Ginger Thompson has a story today in the New York Times about Fox thanking Bush for all his help:
A White House spokeswoman, Jeanie Mamo, said, "The two presidents reaffirmed their commitment to work together to secure the border and build economic prosperity in both countries."[Mexican President Thanks Bush for Support on Changes in Immigration ]
There's also this quote.
But they said Mr. Fox achieved his goal of making Mexico's views heard by the conservative forces opposed to them, without appearing to meddle in American affairs.
That's without "appearing to meddle in American affairs," not without actual meddling, since
Andrew Selee, director of the Mexico Institute at the Woodrow Wilson Center, said he did not believe that those messages had been heard in Congress. But in the meantime, he said, Mr. Fox had succeeded at beginning to build a political base for his cause from the bottom up.
"What the Mexican government can do effectively is to build support for its cause at the state level," Mr. Selee said. "It's a longer-term effort, but if you want to change votes in Washington, it's important to reach their constituents. That's where the real debate lies."
Of course, as Allan Wall has written, an American, or any foreign politician, doing this in Mexico would cause a firestorm of media and diplomatic reaction. Sam Francis wrote a column in 2003 called "Vicente Fox Should Be Arrested And Thrown Out Of U.S. For Good."
There are a couple of little problems here. The most obvious is that the head of state of a foreign government, which is about to enter negotiations with the United States over the issue of immigration, is actively and openly seeking to apply political pressures within this country to influence both the negotiations and the internal politics of the nation. Back in the Cold War, when foreign nations did this sort of thing, it was called "subversion," and foreign agents who engaged in it were either kicked out or locked up.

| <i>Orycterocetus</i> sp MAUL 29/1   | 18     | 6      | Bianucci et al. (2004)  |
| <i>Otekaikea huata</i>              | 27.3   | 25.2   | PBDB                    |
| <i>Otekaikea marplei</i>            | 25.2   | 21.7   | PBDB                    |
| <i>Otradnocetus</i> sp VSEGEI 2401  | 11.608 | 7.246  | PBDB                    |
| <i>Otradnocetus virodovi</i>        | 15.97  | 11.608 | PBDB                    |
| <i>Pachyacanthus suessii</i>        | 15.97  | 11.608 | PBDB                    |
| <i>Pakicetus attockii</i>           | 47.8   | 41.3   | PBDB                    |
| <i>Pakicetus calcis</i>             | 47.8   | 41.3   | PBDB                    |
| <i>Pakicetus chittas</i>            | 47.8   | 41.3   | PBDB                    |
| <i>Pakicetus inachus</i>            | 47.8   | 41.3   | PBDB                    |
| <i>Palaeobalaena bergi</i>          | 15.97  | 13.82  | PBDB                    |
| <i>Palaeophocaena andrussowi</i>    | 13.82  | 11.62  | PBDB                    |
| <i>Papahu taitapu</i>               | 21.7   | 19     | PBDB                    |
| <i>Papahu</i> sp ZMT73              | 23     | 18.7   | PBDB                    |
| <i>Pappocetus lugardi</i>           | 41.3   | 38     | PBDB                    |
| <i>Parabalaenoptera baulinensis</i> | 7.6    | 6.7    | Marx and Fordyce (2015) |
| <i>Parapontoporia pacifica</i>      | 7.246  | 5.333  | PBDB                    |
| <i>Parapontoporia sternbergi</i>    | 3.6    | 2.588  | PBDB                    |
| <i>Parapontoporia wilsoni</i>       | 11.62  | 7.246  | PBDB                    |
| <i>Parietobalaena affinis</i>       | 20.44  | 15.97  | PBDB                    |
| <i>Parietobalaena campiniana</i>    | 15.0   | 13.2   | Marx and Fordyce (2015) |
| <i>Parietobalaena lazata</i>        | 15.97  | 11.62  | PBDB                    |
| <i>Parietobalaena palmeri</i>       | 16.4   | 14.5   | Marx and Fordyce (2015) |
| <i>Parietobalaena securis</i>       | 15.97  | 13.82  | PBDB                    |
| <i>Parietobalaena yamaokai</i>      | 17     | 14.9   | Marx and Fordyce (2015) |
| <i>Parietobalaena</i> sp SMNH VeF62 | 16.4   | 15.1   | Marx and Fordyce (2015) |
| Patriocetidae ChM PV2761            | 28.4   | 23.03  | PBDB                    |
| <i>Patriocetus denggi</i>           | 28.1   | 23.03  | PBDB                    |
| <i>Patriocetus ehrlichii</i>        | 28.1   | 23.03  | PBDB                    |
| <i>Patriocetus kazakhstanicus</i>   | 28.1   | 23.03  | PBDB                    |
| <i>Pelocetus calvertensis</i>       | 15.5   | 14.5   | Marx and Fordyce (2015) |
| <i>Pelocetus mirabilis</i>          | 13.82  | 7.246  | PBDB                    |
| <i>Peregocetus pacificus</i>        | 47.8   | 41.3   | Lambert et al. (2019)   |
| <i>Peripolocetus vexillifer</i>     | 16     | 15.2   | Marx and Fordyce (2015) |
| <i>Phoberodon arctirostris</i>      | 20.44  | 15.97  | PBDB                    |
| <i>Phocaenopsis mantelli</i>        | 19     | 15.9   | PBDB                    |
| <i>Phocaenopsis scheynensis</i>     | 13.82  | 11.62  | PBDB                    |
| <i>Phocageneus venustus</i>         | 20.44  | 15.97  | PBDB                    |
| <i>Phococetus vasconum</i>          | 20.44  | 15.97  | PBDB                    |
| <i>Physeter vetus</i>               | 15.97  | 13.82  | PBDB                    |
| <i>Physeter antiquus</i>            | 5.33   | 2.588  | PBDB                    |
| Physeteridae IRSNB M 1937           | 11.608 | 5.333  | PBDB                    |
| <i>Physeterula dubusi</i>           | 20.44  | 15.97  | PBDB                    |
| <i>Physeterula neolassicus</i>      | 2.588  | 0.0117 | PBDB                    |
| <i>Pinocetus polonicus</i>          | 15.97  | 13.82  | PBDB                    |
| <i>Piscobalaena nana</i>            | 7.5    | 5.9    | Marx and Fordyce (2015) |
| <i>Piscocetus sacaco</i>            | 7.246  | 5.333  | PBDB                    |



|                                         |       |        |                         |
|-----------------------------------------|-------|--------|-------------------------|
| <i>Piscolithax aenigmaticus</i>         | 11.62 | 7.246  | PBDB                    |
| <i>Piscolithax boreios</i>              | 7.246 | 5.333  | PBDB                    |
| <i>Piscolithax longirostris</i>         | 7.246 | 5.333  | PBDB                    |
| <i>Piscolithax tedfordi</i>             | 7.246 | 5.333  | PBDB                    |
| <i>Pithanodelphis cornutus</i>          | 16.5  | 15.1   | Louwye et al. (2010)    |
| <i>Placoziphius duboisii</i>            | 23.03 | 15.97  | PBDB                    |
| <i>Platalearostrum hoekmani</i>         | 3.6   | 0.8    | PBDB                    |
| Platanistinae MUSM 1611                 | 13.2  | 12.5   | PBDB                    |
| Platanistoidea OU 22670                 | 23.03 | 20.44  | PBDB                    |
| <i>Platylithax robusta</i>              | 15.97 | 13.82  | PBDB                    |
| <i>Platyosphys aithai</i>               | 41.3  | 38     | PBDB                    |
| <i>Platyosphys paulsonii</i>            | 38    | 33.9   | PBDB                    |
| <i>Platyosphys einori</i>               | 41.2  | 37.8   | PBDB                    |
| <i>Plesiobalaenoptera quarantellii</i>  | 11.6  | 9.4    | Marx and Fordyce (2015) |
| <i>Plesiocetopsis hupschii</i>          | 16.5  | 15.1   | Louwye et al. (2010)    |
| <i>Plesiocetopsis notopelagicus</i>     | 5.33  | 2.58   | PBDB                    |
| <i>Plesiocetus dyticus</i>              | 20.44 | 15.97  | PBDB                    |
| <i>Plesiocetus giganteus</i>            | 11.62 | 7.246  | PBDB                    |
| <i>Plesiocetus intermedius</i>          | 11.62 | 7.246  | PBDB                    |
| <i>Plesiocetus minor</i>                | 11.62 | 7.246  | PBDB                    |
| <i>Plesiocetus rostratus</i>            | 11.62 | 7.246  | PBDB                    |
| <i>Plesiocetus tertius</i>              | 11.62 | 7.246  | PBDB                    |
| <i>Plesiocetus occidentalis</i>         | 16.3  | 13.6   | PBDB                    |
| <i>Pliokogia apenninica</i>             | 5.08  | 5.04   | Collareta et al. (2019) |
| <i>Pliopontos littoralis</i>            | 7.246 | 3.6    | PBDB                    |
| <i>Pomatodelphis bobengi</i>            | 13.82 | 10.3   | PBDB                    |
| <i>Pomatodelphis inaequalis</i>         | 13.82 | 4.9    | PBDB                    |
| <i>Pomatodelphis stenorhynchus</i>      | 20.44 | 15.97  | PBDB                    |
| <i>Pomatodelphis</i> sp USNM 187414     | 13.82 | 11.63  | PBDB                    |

That's still Vdare.com's position, but it's fairly rare among American politicians. Some signs of resistance were seen in California, probably hardest hit state in the US. While what the NYT called "Democratic and Latino members" of the California assembly "embraced" Mr. Fox, some Republicans boycotted his speech, while others attended wearing buttons that said "No Más ," showing that they have been learning Spanish:
Assemblyman Chuck DeVore, Republican of Orange County, refused to attend Mr. Fox's speech because, he said in an interview, a foreign leader has no right to come to the United States to lobby openly on a piece of domestic legislation.
"I do not at all appreciate a foreign head of state telling my nation how to deal with its own sovereignty and the issue of immigration," said Mr. DeVore, an aerospace executive and a lieutenant colonel in the California Army National Guard.[In California, Fox Gets Warm Embrace and a Cold Shoulder By John M. Broder, May 25, 2006, New York Times]